I don’t know if I would dare to say that “the ‘close doors’ button on most lifts does not actually work” – but I do agree with the placebo effect.

    Makes me think of the buttons for pedestrian stoplights. I’ve noticed that here in Rotterdam they work quite well, but in The Hague they don’t seem to work at all – yet everyone keeps using them.

    There must be other good examples of these ‘placebo buttons’ but I can’t think of any now.

    • 5 Vladimir

      For example when you install windows and it stuck somewhere, because of some kind of a bug you are still able to move your mouse around, or even move around a window.

      • That’s not an intentional effect; the buttons should do something, the computer’s just not realizing that they’ve been clicked (or it’s processing the click too slowly for a timely reaction).

  3. Lol, Peter your post appeared right after I submitted mine. Great minds think alike =) I guess we were writing at the same time…

  4. 8 Barry

    I found this other example of the placebo effect. In office building they install dummy thermostats, giving the people inside a fake feeling of control to alter the office weather conditions.

    http://news.thomasnet.com/IMT/archives/2003/04/dummy_thermosta.html

  5. 9 Mike

    Just passing by.Btw, you website have great content!

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  6. 10 Danuka

    congrats to be a growing blog of wordpress
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  7. 11 roco

    What a nonsense. All the close door button that I usually use work properly. As soon as I push the button the door closes. If I dont push the button I have to wait 5 or 6 seconds.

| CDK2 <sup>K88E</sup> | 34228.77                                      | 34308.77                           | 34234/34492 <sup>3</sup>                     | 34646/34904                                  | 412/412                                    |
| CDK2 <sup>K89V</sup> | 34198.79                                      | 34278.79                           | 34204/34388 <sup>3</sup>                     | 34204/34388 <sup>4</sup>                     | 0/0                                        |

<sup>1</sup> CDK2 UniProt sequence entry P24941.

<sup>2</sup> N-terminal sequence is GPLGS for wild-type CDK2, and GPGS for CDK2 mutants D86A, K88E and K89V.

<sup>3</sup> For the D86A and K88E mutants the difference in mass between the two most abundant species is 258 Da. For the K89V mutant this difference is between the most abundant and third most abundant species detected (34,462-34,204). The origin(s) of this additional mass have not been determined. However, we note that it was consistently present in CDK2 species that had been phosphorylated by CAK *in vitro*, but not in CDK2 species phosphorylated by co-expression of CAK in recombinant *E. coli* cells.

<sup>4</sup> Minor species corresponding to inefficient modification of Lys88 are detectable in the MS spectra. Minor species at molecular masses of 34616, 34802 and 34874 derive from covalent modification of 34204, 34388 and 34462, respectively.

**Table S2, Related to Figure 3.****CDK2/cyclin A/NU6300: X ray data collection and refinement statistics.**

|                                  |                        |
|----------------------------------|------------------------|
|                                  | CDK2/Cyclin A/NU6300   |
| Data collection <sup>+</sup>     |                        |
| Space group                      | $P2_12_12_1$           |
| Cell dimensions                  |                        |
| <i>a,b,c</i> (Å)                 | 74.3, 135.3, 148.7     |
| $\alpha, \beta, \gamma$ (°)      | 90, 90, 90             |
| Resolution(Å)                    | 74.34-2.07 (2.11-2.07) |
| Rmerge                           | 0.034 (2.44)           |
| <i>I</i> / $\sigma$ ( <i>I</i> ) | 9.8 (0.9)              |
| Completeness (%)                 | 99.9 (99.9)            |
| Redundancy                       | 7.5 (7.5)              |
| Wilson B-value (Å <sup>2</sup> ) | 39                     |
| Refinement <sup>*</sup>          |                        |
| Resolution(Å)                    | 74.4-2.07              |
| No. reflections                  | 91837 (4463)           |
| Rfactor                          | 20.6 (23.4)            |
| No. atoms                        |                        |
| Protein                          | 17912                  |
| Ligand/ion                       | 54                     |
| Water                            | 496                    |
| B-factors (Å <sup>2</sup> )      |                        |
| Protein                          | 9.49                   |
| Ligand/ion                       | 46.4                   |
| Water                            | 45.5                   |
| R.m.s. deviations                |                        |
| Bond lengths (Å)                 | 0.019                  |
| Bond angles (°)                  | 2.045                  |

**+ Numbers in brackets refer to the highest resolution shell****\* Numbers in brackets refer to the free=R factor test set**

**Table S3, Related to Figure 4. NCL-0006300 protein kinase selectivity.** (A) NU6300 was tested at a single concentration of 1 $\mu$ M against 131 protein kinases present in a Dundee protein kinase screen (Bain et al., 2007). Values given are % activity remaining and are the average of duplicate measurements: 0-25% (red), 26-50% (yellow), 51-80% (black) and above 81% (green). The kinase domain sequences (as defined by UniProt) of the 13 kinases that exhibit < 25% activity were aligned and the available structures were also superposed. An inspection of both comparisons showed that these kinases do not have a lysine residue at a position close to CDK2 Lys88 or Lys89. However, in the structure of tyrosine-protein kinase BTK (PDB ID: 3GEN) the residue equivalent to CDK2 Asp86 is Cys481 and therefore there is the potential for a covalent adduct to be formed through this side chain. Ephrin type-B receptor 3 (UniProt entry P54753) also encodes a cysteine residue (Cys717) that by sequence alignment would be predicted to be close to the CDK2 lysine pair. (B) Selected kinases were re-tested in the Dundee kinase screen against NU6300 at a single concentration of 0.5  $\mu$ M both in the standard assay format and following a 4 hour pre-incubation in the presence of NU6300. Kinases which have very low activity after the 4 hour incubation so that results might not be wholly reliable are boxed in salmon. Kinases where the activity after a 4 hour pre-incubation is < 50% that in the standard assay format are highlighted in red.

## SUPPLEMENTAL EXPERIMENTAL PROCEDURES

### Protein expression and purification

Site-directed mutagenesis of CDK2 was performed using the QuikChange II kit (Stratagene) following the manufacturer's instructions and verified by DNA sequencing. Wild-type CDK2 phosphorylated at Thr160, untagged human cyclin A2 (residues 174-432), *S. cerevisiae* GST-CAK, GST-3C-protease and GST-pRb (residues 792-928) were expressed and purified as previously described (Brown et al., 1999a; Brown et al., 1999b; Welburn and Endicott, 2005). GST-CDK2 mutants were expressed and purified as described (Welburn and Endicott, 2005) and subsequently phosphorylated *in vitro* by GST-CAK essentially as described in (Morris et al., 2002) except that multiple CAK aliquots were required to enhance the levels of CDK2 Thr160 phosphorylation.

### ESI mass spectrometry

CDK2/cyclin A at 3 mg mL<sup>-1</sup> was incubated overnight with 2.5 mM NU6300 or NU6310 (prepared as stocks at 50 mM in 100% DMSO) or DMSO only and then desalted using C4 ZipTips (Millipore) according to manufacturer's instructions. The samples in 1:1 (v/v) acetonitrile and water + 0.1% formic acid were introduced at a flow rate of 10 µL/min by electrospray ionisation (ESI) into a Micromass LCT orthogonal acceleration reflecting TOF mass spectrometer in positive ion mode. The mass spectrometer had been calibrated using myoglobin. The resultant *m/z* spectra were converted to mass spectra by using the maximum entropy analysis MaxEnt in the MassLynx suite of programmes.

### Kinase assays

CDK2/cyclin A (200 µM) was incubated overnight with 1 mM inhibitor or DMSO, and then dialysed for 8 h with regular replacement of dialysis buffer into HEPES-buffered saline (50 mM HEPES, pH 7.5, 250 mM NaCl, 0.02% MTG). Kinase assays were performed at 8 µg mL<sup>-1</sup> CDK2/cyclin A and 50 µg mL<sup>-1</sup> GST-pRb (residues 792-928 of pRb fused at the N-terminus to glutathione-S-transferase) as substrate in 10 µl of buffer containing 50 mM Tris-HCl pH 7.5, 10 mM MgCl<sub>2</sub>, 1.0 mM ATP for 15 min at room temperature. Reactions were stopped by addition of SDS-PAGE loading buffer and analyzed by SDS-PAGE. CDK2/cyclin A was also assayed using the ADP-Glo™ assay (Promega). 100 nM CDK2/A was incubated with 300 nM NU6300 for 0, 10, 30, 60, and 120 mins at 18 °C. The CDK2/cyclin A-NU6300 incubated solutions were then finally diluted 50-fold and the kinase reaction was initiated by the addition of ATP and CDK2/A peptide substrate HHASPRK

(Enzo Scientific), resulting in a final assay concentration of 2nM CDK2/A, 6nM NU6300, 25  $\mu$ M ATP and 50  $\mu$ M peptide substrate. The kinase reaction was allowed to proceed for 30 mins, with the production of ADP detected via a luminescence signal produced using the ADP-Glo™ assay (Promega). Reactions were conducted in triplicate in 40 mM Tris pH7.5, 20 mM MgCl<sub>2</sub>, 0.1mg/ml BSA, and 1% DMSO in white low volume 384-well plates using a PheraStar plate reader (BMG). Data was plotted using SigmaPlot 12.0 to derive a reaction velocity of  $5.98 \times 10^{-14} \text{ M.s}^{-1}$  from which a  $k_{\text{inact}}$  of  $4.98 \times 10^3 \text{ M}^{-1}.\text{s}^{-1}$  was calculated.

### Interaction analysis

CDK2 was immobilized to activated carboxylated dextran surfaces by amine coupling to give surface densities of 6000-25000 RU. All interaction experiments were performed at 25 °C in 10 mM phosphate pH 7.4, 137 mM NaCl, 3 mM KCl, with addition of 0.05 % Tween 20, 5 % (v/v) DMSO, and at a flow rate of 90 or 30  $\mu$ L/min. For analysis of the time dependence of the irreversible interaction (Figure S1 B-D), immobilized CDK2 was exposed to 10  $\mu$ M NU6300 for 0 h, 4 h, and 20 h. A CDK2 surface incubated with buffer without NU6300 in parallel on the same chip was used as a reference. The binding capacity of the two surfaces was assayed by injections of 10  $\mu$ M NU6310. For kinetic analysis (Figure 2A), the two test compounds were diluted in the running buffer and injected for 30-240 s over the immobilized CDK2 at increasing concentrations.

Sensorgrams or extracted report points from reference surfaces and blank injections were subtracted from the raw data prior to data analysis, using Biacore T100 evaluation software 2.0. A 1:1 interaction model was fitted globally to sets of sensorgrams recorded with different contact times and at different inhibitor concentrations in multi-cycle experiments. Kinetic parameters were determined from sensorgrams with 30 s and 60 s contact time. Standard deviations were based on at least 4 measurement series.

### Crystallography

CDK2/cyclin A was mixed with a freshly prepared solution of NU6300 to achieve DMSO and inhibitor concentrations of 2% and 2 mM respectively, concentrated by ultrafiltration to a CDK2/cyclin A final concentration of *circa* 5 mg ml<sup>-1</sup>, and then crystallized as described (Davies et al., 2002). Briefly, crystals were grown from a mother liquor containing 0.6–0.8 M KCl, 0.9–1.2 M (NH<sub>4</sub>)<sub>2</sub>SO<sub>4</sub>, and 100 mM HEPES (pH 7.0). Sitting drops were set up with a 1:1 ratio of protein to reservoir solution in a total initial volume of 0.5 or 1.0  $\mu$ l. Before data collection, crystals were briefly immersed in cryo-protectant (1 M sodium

8. interesting! great blog!

  9. 13 Dr. Who

    The elevators I know need the button to be press during 1 second, not just touch it once. The studio is valid but don’t say that the button is a placebo because maybe it is just a bad user interface.

  10. Hi, I think the explanation is more simple. This button is only enabled in some sites where is useful. Try to push the close doors button in an hospital, it always works fine.

  11. 15 Victor

    thanks for the info! any chance you publish something about elevator hacks? if you know what I mean

  12. Hi Barry,

    Would it be OK with you if I translated your article into Dutch and put it on my weblog (with the necessary credits of course)?

    - Sereniteit -

  13. 18 Phil E. Drifter

    Bad idea to make such sweeping generalizations. I’m sure there are, as I have used them myself, plenty of elevators whose ‘close doors’ buttons work fine. The door opens, you step in, the elevators are programmed to close the doors again after whatever time delay, 5 seconds or whatever, and if you press the button as soon as you step into the elevator, it starts to close the door.

    Same thing with ‘push to cross’ buttons, some may be leftover from the 50s, 60s, etc that don’t function, but then again, some do.

  14. 19 Anonymous

    this reminds me of when your in an arcade, and all the little kids are “playing” the game, but its really just the preview and every so often the character will move the direction they are pushing (by coincidence) and thus fortifying the kids belief that they are actually controlling it.

  15. 20 Dom

    This article is all wrong.

    The close door button may not work during the programmed cycle, however the button still has to be in the lift because when the elevator is in a manual operation mode, that button is used to close the door and move the lift to the next floor pressed.

  16. 21 Rob

    Bad analogy with the elevator. It’s a known classic hack that if you press the close door button and the floor you want to go to at the same time, the elevator won’t stop for anyone on intermediate floors. Even if you were right that it doesn’t close the door (which is wrong), it still has that function.

  17. 22 Neubie

    Usually one needs to HOLD the button and not simply PRESS it for the desired effect.